Cement-Integrity-Evaluation Solution in Extended-Reach Wells in the South China Sea
- Chris Carpenter (JPT Technology Editor)
- Document ID
- Society of Petroleum Engineers
- Journal of Petroleum Technology
- Publication Date
- May 2015
- Document Type
- Journal Paper
- 120 - 122
- 2014. Offshore Technology Conference
- 0 in the last 30 days
- 81 since 2007
- Show more detail
- View rights & permissions
|SPE Member Price:||Free|
|SPE Non-Member Price:||USD 17.00|
This article, written by JPT Technology Editor Chris Carpenter, contains highlights of paper OTC 25027, “Solution to Cement-Integrity Evaluation in Long Extended-Reach Wells: New Record in the South China Sea,” by Jun Cai, Yongde Gao, and Mingjie Zhang, CNOOC, and Lei Cui and Hongzhi Guo, SPE, Schlumberger, prepared for the 2014 Offshore Technology Conference Asia, Kuala Lumpur, 25–28 March. The paper has not been peer reviewed.
The combination of ultrasonic pulse-echo and flexural-attenuation measurements was adopted in this project in the South China Sea for cement-integrity evaluation. This new method aids in understanding why integrity losses occur in certain sections, by analyzing third-interface information uniquely provided by flexural-wave imaging, and in formulating improvement actions for future cementing jobs. This method achieves a more-explicit cement-integrity-evaluation result with detailed graphical annulus information compared with the limited output from conventional acoustic measurements.
In the Weizhou field in the South China Sea, most of the development wells are drilled as long extended-reach wells with a deviation greater than 70°. The wells are designed to reach more than 70° deviation at a very shallow depth (approximately 900 m) compared with the total depth of the well (approximately 4500 m). In a typical well, surface casing (13.375 in.) runs beyond the kick-off point and reaches maximum deviation of the well at a shallow depth (approximately 900 m). Intermediate casing (9.625. in.) runs from surface to more than 4000 m, with three different fluids/ slurries pumped in the annulus: regular-weight tail cement (1.90 g/cm3), freshwater displacement cement, and lightweight lead cement (1.58 g/ cm3). The completion liner (7 in.) hangs on the intermediate casing, with 1.90-g/cm3 cement pumped in the annulus.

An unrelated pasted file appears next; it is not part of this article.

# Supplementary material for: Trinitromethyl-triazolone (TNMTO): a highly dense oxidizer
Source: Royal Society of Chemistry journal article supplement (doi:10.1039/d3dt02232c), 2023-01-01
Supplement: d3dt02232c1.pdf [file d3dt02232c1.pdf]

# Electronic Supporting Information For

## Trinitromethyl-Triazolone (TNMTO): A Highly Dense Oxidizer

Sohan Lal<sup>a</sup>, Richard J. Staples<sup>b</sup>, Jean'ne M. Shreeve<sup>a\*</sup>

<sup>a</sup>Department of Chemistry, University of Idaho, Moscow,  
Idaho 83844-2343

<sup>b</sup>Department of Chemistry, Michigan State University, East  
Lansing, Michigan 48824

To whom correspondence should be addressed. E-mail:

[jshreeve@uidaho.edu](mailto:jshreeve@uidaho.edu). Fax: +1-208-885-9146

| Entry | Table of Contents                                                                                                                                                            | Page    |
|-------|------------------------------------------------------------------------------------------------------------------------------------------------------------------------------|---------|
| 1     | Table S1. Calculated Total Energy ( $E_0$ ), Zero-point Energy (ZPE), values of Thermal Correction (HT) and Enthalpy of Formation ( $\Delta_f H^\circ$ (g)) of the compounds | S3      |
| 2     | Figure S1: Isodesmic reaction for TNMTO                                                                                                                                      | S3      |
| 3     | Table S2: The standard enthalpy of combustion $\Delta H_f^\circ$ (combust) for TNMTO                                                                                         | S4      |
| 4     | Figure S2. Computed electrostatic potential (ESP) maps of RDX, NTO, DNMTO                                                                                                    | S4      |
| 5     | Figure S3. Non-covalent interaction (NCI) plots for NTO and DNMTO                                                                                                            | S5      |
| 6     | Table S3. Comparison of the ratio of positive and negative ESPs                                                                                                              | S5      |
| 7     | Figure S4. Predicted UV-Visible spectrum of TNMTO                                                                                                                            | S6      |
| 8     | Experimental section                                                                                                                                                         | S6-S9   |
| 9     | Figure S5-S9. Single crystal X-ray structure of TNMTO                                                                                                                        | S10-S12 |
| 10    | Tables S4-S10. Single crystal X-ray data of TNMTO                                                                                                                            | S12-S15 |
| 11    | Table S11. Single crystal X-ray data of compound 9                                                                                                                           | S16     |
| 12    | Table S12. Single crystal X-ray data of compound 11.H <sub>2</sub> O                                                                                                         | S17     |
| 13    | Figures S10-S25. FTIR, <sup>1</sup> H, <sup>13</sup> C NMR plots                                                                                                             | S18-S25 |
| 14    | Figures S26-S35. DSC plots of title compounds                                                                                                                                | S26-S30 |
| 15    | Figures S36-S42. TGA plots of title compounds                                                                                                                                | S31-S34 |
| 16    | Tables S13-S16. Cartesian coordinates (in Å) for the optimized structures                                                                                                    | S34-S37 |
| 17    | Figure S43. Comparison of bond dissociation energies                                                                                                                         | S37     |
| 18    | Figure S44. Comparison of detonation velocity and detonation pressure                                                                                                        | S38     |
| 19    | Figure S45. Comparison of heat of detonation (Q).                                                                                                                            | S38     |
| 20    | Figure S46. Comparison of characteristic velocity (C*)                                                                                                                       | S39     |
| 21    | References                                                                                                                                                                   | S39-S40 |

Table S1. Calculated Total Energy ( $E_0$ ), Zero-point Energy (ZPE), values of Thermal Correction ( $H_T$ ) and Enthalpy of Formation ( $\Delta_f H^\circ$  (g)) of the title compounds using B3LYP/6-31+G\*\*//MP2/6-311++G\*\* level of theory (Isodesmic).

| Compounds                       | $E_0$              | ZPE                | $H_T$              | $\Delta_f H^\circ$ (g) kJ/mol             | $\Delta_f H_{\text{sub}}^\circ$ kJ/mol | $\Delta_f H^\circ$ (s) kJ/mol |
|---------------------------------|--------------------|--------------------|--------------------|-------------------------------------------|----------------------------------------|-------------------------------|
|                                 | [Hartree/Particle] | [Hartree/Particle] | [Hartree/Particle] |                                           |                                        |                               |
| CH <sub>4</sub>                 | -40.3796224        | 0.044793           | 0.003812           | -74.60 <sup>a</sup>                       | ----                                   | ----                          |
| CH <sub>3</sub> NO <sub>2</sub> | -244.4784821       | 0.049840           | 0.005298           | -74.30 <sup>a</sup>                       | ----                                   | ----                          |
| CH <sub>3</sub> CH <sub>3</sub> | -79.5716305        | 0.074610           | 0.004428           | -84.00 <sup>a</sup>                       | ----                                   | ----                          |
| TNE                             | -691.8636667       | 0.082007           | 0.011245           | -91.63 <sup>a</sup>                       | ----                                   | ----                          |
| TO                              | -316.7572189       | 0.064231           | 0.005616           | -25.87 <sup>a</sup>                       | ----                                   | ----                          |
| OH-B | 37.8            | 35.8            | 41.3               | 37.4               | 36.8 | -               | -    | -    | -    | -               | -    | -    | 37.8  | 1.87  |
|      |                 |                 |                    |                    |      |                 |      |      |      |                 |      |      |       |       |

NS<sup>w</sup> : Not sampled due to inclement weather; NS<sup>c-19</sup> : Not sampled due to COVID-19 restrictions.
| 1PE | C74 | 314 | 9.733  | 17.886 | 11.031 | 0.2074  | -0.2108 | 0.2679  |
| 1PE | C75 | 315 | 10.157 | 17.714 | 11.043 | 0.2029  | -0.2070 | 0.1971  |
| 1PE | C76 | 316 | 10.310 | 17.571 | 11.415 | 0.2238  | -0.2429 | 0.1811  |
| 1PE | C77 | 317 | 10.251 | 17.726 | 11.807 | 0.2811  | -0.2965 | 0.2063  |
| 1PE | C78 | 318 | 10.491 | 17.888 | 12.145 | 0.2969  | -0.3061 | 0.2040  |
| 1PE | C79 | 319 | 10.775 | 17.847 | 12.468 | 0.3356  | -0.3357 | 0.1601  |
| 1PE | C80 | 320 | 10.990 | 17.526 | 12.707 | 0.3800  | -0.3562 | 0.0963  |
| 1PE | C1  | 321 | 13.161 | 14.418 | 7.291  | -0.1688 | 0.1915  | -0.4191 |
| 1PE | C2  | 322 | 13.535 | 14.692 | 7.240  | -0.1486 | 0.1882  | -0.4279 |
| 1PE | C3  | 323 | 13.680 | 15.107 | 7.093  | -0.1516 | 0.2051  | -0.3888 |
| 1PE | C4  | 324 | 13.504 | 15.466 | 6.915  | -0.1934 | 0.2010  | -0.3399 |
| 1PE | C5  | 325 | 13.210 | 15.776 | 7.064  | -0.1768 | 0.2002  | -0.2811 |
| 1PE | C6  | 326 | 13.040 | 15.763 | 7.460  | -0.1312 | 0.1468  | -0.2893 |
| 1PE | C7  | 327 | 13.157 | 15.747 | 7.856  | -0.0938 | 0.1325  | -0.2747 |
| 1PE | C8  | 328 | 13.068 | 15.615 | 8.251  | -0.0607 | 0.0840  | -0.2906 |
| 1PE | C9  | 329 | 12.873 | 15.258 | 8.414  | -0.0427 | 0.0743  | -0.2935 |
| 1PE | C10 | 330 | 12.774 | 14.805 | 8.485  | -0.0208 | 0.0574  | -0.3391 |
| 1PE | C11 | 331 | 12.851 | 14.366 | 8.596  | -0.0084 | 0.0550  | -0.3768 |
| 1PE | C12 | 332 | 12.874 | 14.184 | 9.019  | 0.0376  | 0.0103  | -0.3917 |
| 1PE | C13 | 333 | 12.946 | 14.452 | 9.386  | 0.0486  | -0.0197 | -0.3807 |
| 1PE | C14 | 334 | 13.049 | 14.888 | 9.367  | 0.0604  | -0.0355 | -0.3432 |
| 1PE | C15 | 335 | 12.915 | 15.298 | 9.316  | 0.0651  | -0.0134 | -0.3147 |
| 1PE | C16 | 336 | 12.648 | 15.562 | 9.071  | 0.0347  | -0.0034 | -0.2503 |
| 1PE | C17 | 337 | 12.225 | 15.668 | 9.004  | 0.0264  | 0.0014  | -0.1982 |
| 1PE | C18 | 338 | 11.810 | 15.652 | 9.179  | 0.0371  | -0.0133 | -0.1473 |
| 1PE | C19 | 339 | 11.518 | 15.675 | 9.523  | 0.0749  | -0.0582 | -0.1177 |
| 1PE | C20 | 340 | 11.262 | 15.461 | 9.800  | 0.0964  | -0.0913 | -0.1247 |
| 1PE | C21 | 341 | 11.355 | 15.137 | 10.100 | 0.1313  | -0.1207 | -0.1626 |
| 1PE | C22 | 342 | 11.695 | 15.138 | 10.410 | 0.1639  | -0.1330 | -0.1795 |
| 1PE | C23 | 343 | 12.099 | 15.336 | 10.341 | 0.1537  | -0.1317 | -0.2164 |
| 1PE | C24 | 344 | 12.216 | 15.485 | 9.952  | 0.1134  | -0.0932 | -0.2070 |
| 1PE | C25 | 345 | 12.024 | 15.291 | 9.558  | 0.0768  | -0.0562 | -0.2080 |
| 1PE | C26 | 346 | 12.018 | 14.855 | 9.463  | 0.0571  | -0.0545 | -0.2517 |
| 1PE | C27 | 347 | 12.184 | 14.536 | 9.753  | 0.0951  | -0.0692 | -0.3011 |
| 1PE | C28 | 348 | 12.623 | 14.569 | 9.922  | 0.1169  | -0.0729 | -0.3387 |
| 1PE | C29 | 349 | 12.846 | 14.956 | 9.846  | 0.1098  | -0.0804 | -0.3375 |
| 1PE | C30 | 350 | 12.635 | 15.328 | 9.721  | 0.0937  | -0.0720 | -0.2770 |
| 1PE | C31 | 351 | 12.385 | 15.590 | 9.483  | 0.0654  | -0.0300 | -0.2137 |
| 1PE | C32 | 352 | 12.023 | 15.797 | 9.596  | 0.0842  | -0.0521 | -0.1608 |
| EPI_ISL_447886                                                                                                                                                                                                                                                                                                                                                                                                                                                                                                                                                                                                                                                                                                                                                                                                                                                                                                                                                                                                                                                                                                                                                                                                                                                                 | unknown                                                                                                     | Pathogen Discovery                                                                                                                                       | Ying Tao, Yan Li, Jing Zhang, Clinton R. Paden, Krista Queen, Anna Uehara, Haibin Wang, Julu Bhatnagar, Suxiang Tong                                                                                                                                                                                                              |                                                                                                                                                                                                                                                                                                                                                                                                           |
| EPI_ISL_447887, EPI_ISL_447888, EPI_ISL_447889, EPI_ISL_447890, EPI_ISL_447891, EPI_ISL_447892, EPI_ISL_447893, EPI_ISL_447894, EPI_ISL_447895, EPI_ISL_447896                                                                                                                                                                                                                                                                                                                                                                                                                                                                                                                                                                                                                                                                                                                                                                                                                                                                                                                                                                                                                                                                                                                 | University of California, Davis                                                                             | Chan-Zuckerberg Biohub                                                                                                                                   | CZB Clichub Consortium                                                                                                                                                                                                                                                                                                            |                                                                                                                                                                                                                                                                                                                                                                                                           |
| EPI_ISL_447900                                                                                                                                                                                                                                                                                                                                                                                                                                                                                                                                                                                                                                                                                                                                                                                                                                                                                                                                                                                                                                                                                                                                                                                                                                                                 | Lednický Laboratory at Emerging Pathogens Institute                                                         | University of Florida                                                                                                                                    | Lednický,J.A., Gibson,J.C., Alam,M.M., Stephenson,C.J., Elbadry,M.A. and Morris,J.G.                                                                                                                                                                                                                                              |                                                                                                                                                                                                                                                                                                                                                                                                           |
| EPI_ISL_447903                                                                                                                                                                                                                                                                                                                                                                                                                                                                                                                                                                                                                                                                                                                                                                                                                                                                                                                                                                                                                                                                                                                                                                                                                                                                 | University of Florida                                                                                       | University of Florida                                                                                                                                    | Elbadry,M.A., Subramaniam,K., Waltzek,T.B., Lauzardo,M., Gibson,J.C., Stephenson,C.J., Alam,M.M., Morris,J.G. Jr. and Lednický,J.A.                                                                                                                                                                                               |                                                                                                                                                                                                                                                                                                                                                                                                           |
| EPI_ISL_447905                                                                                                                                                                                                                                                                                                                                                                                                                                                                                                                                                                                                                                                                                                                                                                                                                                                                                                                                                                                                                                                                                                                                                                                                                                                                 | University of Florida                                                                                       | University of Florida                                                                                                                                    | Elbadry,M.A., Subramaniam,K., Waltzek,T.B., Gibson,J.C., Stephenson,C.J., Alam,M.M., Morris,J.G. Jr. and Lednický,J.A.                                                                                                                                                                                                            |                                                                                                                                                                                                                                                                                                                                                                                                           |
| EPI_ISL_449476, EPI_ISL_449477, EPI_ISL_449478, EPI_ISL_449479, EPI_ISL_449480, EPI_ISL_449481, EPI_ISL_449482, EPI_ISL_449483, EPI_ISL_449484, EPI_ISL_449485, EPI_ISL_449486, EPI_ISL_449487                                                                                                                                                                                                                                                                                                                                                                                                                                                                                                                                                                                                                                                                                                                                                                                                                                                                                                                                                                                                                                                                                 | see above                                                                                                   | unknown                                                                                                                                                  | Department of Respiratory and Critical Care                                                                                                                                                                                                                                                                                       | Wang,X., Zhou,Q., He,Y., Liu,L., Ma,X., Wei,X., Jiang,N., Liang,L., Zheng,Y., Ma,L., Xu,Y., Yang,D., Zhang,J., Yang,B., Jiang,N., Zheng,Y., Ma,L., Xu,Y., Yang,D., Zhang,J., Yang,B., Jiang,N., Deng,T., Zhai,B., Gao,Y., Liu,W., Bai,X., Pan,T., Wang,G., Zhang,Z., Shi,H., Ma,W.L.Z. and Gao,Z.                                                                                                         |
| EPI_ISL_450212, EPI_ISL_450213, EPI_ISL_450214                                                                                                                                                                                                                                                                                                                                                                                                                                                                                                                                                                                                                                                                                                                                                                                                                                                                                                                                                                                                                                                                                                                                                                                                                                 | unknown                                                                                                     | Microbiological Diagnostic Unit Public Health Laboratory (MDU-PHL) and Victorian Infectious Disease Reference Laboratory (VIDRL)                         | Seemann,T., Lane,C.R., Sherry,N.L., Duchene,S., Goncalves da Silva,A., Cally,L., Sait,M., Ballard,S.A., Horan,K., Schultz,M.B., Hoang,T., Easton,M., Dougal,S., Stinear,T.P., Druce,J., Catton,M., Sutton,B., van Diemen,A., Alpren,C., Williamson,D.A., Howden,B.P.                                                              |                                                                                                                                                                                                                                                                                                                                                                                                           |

A campaign was planned to perform cement-integrity evaluation in five wells (A9, A10, A1, A2, and A3). The basic information about these five wells is listed in Table 1 of the complete paper. The objective for Well A9 was to evaluate the 7-in. completion casing, and the objective for the remaining four wells was to evaluate the 9.625-in. intermediate casing. The well profile and completion pose several challenges:
- Cementing highly deviated wells has uncertainties associated with cement placement because of the likelihood of poor mud removal, which is generally caused by pipe eccentering.
- Intermediate casing is cemented with both regular-weight and lightweight cements. A more advanced method to evaluate the material in the annulus independently of its density is required for this project.
- The geometry of casing in the borehole is important information in this type of well because it is the main factor affecting the cement placement in the annulus.
- The logging tool string is not able to be conveyed by wireline only because of the high deviation along the wellbore. An alternative conveyance needs to be performed in an efficient manner.to save rig cost.
For a discussion of the conveyance-selection process that resulted in the selection of a wireline tractor, please see the complete paper.
|File Size||228 KB||Number of Pages||3|